When I was in college, one of the first coping mechanisms I somehow intuively learned to do to cope with the overwhelming amount of anxiety that would hit me seemingly out of nowhere and paralyze me was to list for myself everything I had done that day so far, and everything I was planning on doing later.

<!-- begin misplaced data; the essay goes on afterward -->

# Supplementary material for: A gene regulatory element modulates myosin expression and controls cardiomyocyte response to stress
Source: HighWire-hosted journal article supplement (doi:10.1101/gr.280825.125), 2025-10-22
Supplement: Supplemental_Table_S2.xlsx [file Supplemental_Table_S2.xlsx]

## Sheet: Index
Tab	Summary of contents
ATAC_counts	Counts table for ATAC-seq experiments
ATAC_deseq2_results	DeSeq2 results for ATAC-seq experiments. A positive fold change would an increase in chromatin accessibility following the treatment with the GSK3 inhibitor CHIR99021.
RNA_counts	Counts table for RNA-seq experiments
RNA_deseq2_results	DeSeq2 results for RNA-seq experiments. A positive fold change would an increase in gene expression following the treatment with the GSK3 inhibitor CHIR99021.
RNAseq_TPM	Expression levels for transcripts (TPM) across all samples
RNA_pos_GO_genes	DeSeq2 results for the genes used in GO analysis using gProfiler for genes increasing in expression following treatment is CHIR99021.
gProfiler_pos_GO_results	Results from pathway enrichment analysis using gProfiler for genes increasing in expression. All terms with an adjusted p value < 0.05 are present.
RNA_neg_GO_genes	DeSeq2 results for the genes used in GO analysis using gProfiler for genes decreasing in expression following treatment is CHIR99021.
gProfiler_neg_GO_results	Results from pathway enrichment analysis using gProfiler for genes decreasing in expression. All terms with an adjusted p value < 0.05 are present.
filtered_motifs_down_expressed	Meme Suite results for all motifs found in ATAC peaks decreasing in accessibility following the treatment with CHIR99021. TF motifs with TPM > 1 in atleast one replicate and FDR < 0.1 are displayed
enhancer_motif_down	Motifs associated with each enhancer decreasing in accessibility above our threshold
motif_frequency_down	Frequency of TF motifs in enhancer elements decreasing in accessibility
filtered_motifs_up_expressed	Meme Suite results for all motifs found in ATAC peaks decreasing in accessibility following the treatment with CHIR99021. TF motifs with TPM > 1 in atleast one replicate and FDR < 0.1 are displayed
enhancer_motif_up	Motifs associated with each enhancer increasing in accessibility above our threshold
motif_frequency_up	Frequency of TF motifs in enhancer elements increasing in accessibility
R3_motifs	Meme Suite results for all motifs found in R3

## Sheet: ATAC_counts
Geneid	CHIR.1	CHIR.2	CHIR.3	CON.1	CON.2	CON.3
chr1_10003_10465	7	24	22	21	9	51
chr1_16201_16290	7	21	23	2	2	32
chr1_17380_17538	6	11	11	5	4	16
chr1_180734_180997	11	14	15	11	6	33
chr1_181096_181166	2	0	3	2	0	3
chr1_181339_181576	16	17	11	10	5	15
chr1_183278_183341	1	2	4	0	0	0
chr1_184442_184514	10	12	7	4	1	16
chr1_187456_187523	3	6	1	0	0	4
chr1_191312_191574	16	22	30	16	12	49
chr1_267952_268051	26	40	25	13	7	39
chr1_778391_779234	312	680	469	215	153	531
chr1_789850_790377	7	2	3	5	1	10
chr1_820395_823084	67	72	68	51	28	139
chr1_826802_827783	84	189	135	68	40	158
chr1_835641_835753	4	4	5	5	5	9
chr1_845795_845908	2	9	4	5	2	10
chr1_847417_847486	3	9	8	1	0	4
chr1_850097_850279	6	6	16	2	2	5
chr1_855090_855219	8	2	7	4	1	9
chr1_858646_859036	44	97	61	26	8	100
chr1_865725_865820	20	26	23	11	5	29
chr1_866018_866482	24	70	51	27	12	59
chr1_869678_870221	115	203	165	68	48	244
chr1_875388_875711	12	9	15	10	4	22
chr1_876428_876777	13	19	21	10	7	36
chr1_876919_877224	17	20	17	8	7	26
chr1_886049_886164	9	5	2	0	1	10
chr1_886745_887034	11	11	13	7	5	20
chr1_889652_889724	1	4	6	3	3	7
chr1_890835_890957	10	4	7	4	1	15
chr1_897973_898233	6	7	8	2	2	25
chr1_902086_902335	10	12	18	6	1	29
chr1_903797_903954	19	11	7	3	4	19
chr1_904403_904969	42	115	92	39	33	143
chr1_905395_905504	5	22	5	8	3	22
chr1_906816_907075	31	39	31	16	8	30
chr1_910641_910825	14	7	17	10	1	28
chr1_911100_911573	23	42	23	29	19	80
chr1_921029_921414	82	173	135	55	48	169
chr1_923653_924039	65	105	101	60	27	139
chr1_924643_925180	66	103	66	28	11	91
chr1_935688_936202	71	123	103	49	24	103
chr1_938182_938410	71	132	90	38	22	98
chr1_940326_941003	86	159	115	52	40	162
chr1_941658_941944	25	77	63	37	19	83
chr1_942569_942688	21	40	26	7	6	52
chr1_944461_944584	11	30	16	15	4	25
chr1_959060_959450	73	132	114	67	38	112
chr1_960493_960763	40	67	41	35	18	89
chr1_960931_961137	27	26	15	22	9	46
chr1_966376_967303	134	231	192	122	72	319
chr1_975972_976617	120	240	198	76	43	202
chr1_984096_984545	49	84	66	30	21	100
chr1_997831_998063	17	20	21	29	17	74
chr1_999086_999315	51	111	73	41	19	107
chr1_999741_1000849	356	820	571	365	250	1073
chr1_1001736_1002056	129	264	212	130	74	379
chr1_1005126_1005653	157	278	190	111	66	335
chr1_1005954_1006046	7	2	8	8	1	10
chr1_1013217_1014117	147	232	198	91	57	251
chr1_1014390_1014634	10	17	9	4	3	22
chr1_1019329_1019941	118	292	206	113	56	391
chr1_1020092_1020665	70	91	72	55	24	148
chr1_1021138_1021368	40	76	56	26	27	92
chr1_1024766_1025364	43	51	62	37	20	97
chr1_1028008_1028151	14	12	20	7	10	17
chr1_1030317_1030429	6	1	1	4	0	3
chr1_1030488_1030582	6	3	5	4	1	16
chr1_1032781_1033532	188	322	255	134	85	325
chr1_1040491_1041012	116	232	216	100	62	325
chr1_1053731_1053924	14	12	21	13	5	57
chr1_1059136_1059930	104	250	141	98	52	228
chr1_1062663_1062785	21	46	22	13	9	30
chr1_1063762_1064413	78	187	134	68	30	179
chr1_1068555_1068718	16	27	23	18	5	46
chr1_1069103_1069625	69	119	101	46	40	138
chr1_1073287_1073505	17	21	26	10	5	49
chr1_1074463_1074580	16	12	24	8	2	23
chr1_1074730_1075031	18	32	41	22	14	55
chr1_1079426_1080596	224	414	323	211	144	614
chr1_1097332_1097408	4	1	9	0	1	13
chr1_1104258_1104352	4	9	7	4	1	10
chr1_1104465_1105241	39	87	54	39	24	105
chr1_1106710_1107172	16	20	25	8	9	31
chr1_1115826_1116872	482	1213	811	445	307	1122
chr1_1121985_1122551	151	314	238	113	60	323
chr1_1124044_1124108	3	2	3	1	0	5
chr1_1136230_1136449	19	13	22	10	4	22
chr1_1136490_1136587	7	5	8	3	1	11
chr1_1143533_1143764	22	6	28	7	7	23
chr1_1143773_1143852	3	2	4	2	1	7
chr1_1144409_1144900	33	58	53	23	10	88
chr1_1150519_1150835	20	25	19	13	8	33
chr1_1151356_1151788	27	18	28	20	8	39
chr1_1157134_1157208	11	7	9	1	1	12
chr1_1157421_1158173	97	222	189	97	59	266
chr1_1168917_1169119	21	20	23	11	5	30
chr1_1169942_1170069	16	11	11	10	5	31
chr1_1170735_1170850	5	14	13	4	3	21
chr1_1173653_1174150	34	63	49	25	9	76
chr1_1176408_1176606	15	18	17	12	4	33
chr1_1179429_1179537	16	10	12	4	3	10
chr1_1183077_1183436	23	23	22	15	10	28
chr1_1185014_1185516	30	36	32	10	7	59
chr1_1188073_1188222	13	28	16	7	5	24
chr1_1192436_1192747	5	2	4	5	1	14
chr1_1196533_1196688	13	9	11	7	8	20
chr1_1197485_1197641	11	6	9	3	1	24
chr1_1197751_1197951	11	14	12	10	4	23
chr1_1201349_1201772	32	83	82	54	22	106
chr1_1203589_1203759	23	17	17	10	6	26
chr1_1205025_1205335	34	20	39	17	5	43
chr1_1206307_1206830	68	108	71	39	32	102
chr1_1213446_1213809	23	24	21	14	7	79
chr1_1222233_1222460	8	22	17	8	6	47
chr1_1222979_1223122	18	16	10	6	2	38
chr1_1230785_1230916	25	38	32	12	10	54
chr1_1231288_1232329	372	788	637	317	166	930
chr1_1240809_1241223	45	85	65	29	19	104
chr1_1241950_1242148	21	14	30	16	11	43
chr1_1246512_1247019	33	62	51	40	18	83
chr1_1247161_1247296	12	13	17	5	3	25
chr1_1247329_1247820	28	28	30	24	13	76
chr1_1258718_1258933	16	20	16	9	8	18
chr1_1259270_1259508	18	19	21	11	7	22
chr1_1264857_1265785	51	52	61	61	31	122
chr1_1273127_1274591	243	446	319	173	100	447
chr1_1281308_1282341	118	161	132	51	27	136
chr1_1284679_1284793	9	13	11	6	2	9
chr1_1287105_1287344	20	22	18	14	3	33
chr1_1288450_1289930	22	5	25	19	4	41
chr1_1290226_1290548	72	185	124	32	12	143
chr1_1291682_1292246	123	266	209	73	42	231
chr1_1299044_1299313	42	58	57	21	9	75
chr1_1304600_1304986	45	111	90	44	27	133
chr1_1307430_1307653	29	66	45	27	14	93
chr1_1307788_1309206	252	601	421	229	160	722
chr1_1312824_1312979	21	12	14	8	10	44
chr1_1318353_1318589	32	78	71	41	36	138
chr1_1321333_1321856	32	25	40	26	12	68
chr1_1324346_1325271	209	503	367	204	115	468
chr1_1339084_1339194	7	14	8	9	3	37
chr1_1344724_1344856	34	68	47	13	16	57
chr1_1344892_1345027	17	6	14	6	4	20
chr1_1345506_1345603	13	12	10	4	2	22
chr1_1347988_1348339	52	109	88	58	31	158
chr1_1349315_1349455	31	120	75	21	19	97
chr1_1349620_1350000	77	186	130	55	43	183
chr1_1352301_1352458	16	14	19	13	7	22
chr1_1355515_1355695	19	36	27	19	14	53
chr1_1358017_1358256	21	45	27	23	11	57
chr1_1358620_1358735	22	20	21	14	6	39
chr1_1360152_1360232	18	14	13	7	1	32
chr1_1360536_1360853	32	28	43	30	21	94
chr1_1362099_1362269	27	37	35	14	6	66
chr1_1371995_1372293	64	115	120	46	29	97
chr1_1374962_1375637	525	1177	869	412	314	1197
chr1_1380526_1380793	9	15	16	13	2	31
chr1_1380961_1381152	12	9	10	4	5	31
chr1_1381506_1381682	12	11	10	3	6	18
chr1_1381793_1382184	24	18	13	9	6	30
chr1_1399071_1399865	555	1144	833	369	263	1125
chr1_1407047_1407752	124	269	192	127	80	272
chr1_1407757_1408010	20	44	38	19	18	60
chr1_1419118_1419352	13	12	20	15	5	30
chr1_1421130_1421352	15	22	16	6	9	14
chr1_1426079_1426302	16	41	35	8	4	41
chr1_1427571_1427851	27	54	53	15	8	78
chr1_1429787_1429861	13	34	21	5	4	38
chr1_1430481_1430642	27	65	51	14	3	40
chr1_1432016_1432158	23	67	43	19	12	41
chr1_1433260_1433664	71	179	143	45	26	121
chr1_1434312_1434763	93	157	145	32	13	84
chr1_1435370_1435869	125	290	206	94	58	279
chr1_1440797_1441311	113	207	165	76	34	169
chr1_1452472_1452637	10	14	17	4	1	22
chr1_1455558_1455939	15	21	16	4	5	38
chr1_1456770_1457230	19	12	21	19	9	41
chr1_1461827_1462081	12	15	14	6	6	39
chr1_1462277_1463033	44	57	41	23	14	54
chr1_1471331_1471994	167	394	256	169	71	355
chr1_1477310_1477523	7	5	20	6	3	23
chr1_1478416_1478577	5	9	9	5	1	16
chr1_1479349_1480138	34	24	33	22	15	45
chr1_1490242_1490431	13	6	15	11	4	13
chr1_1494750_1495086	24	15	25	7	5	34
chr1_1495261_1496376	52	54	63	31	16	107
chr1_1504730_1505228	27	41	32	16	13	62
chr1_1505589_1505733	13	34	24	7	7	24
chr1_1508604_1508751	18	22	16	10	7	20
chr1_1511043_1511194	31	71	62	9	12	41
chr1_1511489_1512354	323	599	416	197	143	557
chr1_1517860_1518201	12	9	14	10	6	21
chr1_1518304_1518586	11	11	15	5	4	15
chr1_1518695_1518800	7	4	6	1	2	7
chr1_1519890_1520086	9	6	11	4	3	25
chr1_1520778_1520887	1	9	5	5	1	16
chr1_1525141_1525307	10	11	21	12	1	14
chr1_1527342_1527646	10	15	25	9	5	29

I had no idea why this helped, I couldn't explain it to anyone, nor would I have ever had the chance to. It just occurred to me to do, I started doing it, and the anxiety would met away.   I would have moments, all the time, where I would just stop and feel like I couldn't move and often I would fall to the floor crying. Somehow, I learned and taught myself... that all I had to do was say "Okay, I got up at 10, and I had breakfast, and had a conversation with XXXX, and went to this class, and I did this and that, and now I'm doing this, and after this I will go to the computer lab and work on my paper for history, then I will eat, then I will go to the computer lab and do emails and then I will go to bed..."